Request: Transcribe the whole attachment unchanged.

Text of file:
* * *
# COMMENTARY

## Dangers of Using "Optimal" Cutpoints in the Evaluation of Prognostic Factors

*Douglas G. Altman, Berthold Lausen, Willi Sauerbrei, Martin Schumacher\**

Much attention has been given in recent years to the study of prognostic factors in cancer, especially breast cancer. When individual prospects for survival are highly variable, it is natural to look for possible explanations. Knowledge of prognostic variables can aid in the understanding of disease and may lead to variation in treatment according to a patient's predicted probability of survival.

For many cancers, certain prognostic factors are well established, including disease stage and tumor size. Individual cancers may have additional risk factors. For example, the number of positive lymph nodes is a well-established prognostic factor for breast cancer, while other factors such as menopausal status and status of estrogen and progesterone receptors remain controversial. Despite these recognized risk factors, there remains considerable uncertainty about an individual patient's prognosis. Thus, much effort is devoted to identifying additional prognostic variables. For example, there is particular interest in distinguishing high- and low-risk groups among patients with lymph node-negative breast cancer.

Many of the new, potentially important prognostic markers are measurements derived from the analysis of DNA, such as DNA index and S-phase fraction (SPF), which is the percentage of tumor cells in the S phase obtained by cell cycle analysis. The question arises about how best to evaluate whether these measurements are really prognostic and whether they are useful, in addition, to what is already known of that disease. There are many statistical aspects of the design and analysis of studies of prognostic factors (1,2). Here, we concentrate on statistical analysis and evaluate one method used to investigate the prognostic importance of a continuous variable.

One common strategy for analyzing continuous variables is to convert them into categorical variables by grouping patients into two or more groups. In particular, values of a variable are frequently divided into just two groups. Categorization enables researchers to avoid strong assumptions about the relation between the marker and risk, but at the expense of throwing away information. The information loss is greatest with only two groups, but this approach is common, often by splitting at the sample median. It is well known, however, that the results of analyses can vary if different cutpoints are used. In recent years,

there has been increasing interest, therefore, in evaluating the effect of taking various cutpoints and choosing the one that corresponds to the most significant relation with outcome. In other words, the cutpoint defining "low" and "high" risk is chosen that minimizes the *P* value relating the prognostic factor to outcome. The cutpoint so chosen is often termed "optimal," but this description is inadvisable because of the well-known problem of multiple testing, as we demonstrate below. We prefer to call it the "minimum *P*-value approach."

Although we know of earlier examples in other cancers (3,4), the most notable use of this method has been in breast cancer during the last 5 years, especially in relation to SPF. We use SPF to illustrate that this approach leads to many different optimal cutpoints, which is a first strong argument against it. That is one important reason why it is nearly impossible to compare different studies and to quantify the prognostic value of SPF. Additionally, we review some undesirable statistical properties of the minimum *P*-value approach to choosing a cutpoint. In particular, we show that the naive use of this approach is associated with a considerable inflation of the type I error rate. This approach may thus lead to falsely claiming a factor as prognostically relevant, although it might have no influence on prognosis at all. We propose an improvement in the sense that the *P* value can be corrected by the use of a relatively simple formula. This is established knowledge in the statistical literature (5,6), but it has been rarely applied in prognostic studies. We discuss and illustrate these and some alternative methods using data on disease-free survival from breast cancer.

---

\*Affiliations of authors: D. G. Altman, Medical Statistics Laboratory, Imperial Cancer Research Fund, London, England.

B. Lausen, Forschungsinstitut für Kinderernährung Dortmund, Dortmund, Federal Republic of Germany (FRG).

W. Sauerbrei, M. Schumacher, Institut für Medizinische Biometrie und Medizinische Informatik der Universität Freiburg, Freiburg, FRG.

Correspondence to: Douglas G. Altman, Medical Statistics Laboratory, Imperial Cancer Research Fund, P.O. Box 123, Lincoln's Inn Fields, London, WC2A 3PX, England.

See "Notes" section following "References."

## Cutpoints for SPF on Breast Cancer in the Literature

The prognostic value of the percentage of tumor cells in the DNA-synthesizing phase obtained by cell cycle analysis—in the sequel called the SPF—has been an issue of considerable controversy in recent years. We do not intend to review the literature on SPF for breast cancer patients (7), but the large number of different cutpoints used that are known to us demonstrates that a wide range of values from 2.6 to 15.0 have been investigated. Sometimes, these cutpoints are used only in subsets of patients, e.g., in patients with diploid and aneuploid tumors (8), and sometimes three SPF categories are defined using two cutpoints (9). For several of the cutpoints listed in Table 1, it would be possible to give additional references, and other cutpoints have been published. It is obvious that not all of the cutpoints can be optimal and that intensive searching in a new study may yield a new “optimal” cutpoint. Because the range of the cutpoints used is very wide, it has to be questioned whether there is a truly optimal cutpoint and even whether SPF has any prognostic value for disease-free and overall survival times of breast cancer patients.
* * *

# COMMENTARY

## Dangers of Using "Optimal" Cutpoints in the Evaluation of Prognostic Factors

*Douglas G. Altman, Berthold Lausen, Willi Sauerbrei, Martin Schumacher\**

Much attention has been given in recent years to the study of prognostic factors in cancer, especially breast cancer. When individual prospects for survival are highly variable, it is natural to look for possible explanations. Knowledge of prognostic variables can aid in the understanding of disease and may lead to variation in treatment according to a patient's predicted probability of survival.

For many cancers, certain prognostic factors are well established, including disease stage and tumor size. Individual cancers may have additional risk factors. For example, the number of positive lymph nodes is a well-established prognostic factor for breast cancer, while other factors such as menopausal status and status of estrogen and progesterone receptors remain controversial. Despite these recognized risk factors, there remains considerable uncertainty about an individual patient's prognosis. Thus, much effort is devoted to identifying additional prognostic variables. For example, there is particular interest in distinguishing high- and low-risk groups among patients with lymph node-negative breast cancer.

Many of the new, potentially important prognostic markers are measurements derived from the analysis of DNA, such as DNA index and S-phase fraction (SPF), which is the percentage of tumor cells in the S phase obtained by cell cycle analysis. The question arises about how best to evaluate whether these measurements are really prognostic and whether they are useful, in addition, to what is already known of that disease. There are many statistical aspects of the design and analysis of studies of prognostic factors (1,2). Here, we concentrate on statistical analysis and evaluate one method used to investigate the prognostic importance of a continuous variable.

One common strategy for analyzing continuous variables is to convert them into categorical variables by grouping patients into two or more groups. In particular, values of a variable are frequently divided into just two groups. Categorization enables researchers to avoid strong assumptions about the relation between the marker and risk, but at the expense of throwing away information. The information loss is greatest with only two groups, but this approach is common, often by splitting at the sample median. It is well known, however, that the results of analyses can vary if different cutpoints are used. In recent years,

there has been increasing interest, therefore, in evaluating the effect of taking various cutpoints and choosing the one that corresponds to the most significant relation with outcome. In other words, the cutpoint defining "low" and "high" risk is chosen that minimizes the *P* value relating the prognostic factor to outcome. The cutpoint so chosen is often termed "optimal," but this description is inadvisable because of the well-known problem of multiple testing, as we demonstrate below. We prefer to call it the "minimum *P*-value approach."

Although we know of earlier examples in other cancers (3,4), the most notable use of this method has been in breast cancer during the last 5 years, especially in relation to SPF. We use SPF to illustrate that this approach leads to many different optimal cutpoints, which is a first strong argument against it. That is one important reason why it is nearly impossible to compare different studies and to quantify the prognostic value of SPF. Additionally, we review some undesirable statistical properties of the minimum *P*-value approach to choosing a cutpoint. In particular, we show that the naive use of this approach is associated with a considerable inflation of the type I error rate. This approach may thus lead to falsely claiming a factor as prognostically relevant, although it might have no influence on prognosis at all. We propose an improvement in the sense that the *P* value can be corrected by the use of a relatively simple formula. This is established knowledge in the statistical literature (5,6), but it has been rarely applied in prognostic studies. We discuss and illustrate these and some alternative methods using data on disease-free survival from breast cancer.

---

\*Affiliations of authors: D. G. Altman, Medical Statistics Laboratory, Imperial Cancer Research Fund, London, England.

B. Lausen, Forschungsinstitut für Kinderernährung Dortmund, Dortmund, Federal Republic of Germany (FRG).

W. Sauerbrei, M. Schumacher, Institut für Medizinische Biometrie und Medizinische Informatik der Universität Freiburg, Freiburg, FRG.

Correspondence to: Douglas G. Altman, Medical Statistics Laboratory, Imperial Cancer Research Fund, P.O. Box 123, Lincoln's Inn Fields, London, WC2A 3PX, England.

See "Notes" section following "References."

## Cutpoints for SPF on Breast Cancer in the Literature

The prognostic value of the percentage of tumor cells in the DNA-synthesizing phase obtained by cell cycle analysis—in the sequel called the SPF—has been an issue of considerable controversy in recent years. We do not intend to review the literature on SPF for breast cancer patients (7), but the large number of different cutpoints used that are known to us demonstrates that a wide range of values from 2.6 to 15.0 have been investigated. Sometimes, these cutpoints are used only in subsets of patients, e.g., in patients with diploid and aneuploid tumors (8), and sometimes three SPF categories are defined using two cutpoints (9). For several of the cutpoints listed in Table 1, it would be possible to give additional references, and other cutpoints have been published. It is obvious that not all of the cutpoints can be optimal and that intensive searching in a new study may yield a new “optimal” cutpoint. Because the range of the cutpoints used is very wide, it has to be questioned whether there is a truly optimal cutpoint and even whether SPF has any prognostic value for disease-free and overall survival times of breast cancer patients.